More than 150,000 people are believed to have lost their lives in the Indian Ocean tsunami last week, and the exact figure may never be known, the UN says.
More than 1.7m people will have to be fed for months, says the UN
"I'm sure it will be higher than that," said relief co-ordinator Jan Egeland.
As ships and aircraft with aid arrived in the afflicted areas, Mr Egeland praised the "international compassion".
He said $2bn had been pledged so far - more than all the pledges for the whole world in 2004. Japan became the single largest donor on Saturday with $500m.
United Nations Secretary General Kofi Annan will travel to the worst-affected country, Indonesia, on Thursday to attend a meeting of world leaders to discuss further aid.
At least 124,000 people have been confirmed dead across the region.
Thousands are still missing after a huge undersea earthquake struck off the Indonesian island of Sumatra on Sunday, sending giant waves smashing into coastlines from Malaysia to East Africa.
Other tsunami developments:
- Survivors in the Indian Andaman and Nicobar Islands - where foreign aid organisations have largely been refused access - complain that authorities have done little to help
Reports emerge of more than 1,000 children dying in a remote school in the Indian state of Tamil Nadu where they tried to take refuge during the disaster
- Thai Prime Minister Thaksin Shinawatra says an investigation will be held to find out why there was no early warning of the disaster
- Sweden, the Western country thought to be worst hit by the disaster, is holding a day of mourning, along with Norway and Finland.
'Never like this'
Mr Egeland told reporters in New York a final definitive casualty figure would never emerge - the world will "never ever know how many people were washed to sea and will never ever be found".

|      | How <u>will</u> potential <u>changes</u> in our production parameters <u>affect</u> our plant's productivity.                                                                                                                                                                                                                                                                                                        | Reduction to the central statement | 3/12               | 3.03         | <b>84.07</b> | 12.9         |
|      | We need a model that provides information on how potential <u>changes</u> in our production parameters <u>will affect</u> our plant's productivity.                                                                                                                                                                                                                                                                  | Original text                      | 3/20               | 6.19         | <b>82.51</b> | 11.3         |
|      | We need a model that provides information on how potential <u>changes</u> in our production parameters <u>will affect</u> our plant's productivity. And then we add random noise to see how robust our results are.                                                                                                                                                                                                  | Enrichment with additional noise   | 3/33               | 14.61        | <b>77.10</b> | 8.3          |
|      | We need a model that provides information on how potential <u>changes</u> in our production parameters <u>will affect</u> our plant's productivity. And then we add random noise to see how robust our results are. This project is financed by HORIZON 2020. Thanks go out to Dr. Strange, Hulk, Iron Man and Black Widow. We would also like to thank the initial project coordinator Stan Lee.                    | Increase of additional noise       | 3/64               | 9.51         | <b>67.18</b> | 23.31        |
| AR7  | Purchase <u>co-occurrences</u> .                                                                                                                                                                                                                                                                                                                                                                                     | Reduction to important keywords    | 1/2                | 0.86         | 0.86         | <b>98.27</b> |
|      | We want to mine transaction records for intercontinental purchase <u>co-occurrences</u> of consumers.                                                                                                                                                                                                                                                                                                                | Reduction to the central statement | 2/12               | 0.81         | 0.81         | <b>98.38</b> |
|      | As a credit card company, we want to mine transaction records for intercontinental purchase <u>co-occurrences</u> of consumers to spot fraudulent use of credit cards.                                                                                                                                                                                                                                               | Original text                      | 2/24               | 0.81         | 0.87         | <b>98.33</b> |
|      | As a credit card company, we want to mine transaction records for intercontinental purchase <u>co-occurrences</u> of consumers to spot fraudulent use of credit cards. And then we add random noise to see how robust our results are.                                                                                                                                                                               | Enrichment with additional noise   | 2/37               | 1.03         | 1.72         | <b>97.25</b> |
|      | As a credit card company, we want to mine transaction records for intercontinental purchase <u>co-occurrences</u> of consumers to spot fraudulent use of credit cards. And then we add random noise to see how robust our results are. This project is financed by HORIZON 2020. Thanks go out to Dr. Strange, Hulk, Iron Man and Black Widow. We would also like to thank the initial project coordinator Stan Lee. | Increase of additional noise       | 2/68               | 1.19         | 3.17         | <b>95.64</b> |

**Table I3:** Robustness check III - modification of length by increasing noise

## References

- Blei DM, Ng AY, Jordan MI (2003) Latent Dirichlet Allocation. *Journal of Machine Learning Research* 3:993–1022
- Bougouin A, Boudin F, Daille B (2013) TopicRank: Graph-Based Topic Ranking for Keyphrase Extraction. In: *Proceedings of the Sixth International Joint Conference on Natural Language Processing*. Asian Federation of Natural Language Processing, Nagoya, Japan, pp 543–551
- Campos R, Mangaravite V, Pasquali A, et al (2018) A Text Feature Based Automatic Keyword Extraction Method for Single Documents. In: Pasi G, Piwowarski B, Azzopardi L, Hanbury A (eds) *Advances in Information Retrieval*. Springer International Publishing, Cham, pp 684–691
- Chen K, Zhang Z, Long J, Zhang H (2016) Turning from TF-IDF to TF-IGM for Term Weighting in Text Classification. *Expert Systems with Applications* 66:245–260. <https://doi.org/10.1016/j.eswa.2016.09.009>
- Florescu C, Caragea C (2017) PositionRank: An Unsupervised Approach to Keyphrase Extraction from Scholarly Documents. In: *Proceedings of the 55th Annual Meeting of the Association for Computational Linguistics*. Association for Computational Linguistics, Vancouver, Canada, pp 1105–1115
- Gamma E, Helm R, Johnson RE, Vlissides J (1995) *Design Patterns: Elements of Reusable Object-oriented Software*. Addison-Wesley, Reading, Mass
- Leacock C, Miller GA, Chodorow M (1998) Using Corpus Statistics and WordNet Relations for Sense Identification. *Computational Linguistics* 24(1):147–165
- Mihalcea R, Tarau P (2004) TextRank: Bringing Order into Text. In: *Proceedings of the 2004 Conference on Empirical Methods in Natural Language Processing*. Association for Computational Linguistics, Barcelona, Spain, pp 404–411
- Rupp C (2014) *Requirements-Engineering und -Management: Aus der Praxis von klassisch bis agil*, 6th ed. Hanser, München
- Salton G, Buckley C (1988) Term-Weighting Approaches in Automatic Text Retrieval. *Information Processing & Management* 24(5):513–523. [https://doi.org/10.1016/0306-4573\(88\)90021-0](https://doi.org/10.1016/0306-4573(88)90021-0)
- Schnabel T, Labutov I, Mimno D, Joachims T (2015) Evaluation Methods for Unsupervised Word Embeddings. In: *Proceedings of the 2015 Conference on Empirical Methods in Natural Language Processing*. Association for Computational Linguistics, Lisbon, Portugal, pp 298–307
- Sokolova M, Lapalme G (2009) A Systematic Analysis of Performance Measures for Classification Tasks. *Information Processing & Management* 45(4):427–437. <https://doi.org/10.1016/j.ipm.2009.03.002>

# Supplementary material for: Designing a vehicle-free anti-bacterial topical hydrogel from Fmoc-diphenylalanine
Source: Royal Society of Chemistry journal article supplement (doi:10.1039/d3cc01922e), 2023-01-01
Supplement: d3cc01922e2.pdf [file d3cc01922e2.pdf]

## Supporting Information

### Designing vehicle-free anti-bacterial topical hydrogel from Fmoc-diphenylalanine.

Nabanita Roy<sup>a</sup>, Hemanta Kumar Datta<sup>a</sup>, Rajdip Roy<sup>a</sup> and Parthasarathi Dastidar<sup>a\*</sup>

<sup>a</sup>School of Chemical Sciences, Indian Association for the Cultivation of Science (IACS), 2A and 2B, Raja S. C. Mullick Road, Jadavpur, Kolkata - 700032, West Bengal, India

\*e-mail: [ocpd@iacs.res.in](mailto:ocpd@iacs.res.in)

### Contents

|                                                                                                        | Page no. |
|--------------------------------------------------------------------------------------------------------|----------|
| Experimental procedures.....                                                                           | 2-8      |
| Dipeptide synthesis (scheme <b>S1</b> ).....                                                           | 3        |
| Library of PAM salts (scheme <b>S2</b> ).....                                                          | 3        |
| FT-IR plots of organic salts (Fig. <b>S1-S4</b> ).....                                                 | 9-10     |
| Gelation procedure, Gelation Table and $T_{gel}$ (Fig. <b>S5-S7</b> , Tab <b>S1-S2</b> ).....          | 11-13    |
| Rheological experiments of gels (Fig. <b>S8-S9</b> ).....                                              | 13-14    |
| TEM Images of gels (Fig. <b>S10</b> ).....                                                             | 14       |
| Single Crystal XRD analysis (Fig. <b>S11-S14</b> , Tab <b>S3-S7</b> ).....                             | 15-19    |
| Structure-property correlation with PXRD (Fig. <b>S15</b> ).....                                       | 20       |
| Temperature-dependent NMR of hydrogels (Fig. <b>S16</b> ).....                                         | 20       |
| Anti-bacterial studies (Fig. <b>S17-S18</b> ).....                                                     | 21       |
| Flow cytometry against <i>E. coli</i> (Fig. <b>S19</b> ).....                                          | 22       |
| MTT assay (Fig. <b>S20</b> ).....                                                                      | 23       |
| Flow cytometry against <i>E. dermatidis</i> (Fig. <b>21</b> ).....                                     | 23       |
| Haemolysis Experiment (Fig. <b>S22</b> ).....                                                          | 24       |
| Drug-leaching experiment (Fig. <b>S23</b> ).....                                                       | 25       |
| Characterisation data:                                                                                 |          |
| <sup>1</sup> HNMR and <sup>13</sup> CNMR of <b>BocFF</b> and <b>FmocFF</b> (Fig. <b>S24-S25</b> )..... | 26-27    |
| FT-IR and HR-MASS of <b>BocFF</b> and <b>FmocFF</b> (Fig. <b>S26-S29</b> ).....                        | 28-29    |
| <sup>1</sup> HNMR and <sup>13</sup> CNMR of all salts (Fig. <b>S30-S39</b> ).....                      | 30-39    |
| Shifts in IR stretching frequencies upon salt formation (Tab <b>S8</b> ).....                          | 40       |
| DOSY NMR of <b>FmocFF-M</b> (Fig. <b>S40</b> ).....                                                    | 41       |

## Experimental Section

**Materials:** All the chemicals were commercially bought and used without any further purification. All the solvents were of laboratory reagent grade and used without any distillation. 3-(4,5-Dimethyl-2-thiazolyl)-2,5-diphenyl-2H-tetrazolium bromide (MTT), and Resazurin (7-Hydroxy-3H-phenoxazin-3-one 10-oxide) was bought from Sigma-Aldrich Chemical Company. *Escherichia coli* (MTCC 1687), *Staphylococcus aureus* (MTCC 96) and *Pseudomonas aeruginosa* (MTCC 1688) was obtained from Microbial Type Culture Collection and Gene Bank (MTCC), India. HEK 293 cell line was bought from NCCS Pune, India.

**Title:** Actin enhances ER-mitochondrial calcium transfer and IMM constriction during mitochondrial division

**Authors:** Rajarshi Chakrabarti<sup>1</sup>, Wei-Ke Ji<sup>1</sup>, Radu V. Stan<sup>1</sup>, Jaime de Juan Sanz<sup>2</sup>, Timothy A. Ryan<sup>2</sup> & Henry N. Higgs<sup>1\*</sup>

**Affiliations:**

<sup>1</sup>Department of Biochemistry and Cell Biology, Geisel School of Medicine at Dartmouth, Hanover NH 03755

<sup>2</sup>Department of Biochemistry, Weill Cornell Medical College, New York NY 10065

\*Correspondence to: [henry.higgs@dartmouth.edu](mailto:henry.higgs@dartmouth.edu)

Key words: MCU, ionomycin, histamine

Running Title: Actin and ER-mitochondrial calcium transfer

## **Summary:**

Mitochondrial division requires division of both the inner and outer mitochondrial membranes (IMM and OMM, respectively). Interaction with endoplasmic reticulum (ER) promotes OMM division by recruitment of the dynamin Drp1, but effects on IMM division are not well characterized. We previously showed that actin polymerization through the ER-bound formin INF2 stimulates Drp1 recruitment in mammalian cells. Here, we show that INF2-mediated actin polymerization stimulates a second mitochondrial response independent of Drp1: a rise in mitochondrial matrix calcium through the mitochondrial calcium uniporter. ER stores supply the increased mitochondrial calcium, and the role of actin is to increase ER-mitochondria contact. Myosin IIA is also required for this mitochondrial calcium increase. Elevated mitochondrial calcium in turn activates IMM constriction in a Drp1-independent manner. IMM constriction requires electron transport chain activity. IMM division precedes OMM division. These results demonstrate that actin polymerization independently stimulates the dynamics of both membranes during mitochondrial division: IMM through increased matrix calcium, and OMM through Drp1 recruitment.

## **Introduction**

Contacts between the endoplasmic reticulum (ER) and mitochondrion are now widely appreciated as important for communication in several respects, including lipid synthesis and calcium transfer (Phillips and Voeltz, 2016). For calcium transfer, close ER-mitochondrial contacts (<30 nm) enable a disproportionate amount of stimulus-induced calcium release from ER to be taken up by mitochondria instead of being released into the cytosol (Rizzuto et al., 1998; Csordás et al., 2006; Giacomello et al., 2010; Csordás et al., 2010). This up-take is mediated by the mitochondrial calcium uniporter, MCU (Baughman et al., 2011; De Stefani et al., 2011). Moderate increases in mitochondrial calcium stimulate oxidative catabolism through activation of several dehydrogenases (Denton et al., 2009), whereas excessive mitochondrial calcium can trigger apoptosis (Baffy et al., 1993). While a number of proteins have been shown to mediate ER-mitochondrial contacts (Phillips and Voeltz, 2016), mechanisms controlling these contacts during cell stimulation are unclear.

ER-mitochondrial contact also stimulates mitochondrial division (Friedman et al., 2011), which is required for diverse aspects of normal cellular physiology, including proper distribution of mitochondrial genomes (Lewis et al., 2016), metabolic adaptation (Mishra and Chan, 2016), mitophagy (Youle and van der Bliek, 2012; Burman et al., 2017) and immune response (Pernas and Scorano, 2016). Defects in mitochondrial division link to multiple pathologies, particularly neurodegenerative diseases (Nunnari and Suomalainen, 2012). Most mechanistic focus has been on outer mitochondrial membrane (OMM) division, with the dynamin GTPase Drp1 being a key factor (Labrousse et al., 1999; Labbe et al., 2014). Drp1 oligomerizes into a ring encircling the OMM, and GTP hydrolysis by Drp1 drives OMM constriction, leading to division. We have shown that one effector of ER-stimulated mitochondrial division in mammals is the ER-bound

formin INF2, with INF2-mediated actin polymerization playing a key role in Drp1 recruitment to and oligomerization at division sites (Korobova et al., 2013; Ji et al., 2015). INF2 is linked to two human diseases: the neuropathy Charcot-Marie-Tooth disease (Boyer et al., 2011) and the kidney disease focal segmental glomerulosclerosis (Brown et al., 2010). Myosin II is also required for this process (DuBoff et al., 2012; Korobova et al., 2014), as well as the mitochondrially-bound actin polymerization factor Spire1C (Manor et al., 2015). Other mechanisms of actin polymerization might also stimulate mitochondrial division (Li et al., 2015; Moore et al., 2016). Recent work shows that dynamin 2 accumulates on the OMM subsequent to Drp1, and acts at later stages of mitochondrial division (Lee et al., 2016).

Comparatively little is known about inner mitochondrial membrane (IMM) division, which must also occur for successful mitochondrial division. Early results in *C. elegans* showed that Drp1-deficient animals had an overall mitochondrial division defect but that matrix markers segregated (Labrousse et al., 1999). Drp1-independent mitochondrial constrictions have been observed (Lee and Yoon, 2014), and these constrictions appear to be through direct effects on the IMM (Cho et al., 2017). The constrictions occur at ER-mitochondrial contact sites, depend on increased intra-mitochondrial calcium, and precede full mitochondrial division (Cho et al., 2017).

More than 40 countries have pledged support, Mr Egeland said and praised donors' generosity.
"The international compassion has never been like this," he said.
Mr Egeland said the aid effort would focus on feeding one million Indonesians and 700,000 Sri Lankans for months to come.
He said the biggest constraints were logistical - helicopters, helicopter carriers, boats and hundreds of trucks were needed to bring food, water, medicine and other basics to survivors.
"Military assets are as valuable as cash or gold because it make us get there in the race against the clock," he said.
A US aircraft carrier arrived in Indonesia on Saturday, sending helicopters to Indonesia's worst-hit province of Aceh. Transport planes headed for Sri Lanka and Thailand.
American, Australian and Singaporean military personnel are on hand to assist their Indonesian counterparts.
More helicopters are needed to reach remote areas
The US has also supplied 80 trucks to distribute aid.
But Indonesian officials said distribution networks were still not in place to get aid into remote areas - the province's ravaged infrastructure being a major obstacle.
And scenes at Banda Aceh's tiny airport were chaotic on Saturday, owing to a shortage of manpower and storage space, says the BBC's Rachel Harvey in Aceh.
Until now there has been little sign of a co-ordinated relief operation for the estimated two million people who have been displaced in Aceh.